11. Next, the axle assembly is placed into a multi-ton hydraulic press and pressed off with an explosive reaction. Ever heard a bullet zing, that's what it's like.
12. Here, Brian Sheppard is handing the work order to make my new axle. Currie manufactures its axles from scratch in-house for new assemblies or to make a replacement part.
13. The axle is cut to length and its end is beveled. A new axle sells for $179.95.
14. The outside diameter of the axle is centerless ground on a vintage Landis machine to conform with what's needed for a 28-spline axle.
15. The axle splines are cut on a CNC Haas mill. The mill meets with resistance due to the axle's case-hardened surface.
16. After hot-tanked and checked thoroughly for alignment, the differential housing is placed into this rotisserie shot peen blaster and final cleaned with fine metallic beads.
17. When the shot-peening process is complete, the differential housing appears as if it were new steel. No further preparation for paint is needed after this stage.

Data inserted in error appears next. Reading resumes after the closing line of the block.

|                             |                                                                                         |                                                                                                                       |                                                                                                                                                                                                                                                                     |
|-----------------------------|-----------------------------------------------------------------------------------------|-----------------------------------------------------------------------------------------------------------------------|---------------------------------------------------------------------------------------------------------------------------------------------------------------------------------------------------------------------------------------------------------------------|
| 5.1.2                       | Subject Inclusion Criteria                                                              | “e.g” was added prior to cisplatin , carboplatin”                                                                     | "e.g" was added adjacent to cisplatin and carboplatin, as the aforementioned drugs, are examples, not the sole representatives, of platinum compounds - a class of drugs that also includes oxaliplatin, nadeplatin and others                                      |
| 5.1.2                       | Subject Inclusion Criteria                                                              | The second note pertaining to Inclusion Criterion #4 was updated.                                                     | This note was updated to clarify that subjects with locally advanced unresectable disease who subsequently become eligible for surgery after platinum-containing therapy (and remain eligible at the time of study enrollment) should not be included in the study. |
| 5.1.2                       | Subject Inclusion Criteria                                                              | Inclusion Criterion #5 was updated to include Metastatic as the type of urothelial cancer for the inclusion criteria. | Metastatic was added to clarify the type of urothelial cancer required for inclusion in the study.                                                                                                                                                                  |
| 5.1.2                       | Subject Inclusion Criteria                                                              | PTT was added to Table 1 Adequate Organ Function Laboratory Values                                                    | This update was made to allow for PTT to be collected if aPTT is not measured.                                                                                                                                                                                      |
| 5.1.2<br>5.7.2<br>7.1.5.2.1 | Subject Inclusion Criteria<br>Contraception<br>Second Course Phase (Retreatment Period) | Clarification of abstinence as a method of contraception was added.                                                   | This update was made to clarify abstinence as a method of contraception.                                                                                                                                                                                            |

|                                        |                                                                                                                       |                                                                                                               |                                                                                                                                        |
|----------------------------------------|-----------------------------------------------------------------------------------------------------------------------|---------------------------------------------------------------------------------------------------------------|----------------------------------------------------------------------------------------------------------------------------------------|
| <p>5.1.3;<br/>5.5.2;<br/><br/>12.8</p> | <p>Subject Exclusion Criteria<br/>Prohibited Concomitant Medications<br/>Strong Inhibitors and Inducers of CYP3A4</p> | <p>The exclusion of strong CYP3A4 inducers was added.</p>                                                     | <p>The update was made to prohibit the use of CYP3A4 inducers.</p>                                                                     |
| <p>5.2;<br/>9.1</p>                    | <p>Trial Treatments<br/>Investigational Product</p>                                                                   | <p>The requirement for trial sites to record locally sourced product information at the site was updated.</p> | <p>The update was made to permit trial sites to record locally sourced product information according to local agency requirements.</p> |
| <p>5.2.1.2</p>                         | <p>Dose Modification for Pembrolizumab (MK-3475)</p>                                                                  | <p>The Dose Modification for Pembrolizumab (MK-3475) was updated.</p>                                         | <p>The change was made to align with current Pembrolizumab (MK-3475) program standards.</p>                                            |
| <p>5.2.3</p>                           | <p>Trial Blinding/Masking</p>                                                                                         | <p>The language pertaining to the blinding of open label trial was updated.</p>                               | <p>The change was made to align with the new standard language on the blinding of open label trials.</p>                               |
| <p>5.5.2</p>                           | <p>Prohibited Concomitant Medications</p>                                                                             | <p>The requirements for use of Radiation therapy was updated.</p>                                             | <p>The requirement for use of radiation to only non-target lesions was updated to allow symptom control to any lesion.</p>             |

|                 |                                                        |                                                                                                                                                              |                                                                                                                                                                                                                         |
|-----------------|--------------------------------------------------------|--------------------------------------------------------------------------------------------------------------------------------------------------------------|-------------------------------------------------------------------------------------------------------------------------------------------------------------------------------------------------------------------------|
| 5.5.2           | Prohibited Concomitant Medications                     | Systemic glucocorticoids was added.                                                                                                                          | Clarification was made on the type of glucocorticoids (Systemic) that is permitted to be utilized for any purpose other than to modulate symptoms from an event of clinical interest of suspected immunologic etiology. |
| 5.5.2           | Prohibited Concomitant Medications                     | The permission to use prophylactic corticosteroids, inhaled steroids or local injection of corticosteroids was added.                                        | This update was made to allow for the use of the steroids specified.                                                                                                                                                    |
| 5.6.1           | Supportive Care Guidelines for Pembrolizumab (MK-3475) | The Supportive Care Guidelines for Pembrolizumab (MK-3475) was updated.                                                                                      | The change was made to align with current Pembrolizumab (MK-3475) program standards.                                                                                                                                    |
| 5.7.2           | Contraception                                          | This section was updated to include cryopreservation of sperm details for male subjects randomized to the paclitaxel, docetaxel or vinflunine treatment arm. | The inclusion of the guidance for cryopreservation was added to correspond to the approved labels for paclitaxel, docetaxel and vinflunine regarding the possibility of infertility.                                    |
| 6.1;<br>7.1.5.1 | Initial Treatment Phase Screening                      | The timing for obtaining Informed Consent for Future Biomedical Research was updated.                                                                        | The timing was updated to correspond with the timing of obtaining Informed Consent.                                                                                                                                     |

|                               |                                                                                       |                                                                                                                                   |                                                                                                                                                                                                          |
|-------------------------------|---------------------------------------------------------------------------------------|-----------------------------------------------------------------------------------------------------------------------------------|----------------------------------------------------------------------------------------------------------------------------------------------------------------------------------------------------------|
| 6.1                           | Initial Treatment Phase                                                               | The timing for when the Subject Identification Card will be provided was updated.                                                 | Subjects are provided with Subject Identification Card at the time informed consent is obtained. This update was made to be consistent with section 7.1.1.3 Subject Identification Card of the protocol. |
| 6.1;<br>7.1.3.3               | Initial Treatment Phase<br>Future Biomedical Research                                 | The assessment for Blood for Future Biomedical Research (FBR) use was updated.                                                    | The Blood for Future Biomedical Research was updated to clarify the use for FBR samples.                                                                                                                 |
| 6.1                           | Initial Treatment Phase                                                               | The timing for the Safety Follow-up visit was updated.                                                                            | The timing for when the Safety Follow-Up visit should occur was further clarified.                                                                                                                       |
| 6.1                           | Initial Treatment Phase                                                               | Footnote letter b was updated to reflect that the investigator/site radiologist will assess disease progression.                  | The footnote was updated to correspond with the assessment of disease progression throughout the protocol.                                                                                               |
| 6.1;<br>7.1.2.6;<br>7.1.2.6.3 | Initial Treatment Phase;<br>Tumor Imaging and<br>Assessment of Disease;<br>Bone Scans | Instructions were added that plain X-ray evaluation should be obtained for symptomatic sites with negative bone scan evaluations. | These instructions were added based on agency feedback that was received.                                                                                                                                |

18. The Ford Trac Lock was disassembled and cleaned. Next the clutch plates were checked and didn't need replacement. A new clutch pack costs around $70.
19. Labor to rebuild the Trac Lock is around $110. The final step is to adjust the Trac Lock to a specific torque setting to ensure no slippage will occur.
20. Currie manufactures and has new hardware custom made to its specs. The pinion shaft seal has the Currie logo where one would usually find Chicago Rawhide molded.
21. A setup kit with new carrier bearings ($136.95) is installed and the backlash is adjusted. All the way through this procedure the gears are spun to feel for bind.
22. Currie uses Precision brand gears exclusively. These are Richmond gears. The white paste is gear-marking compound used to give an indication of tooth contact. Improper gear lash can result in the rearend “howling.”
23. Absolutely no heavy lifting is performed by Currie technicians. From start to finish an overhead boom is used to gently and precisely lower components such as this third member into place.
24. For $495 Currie offers 11-inch Ford drum brakes that are new, except for remanufactured backing plates. The axles go into place and four bolts are tightened through an access hole on the axle flange.
25. New drums go on and the rearend is complete. Currie emphatically states to use a non-synthetic gear oil in its differentials such as Currie 9-Plus racing gear oil. For limited-slip add Currie 9-Plus posi-traction additive.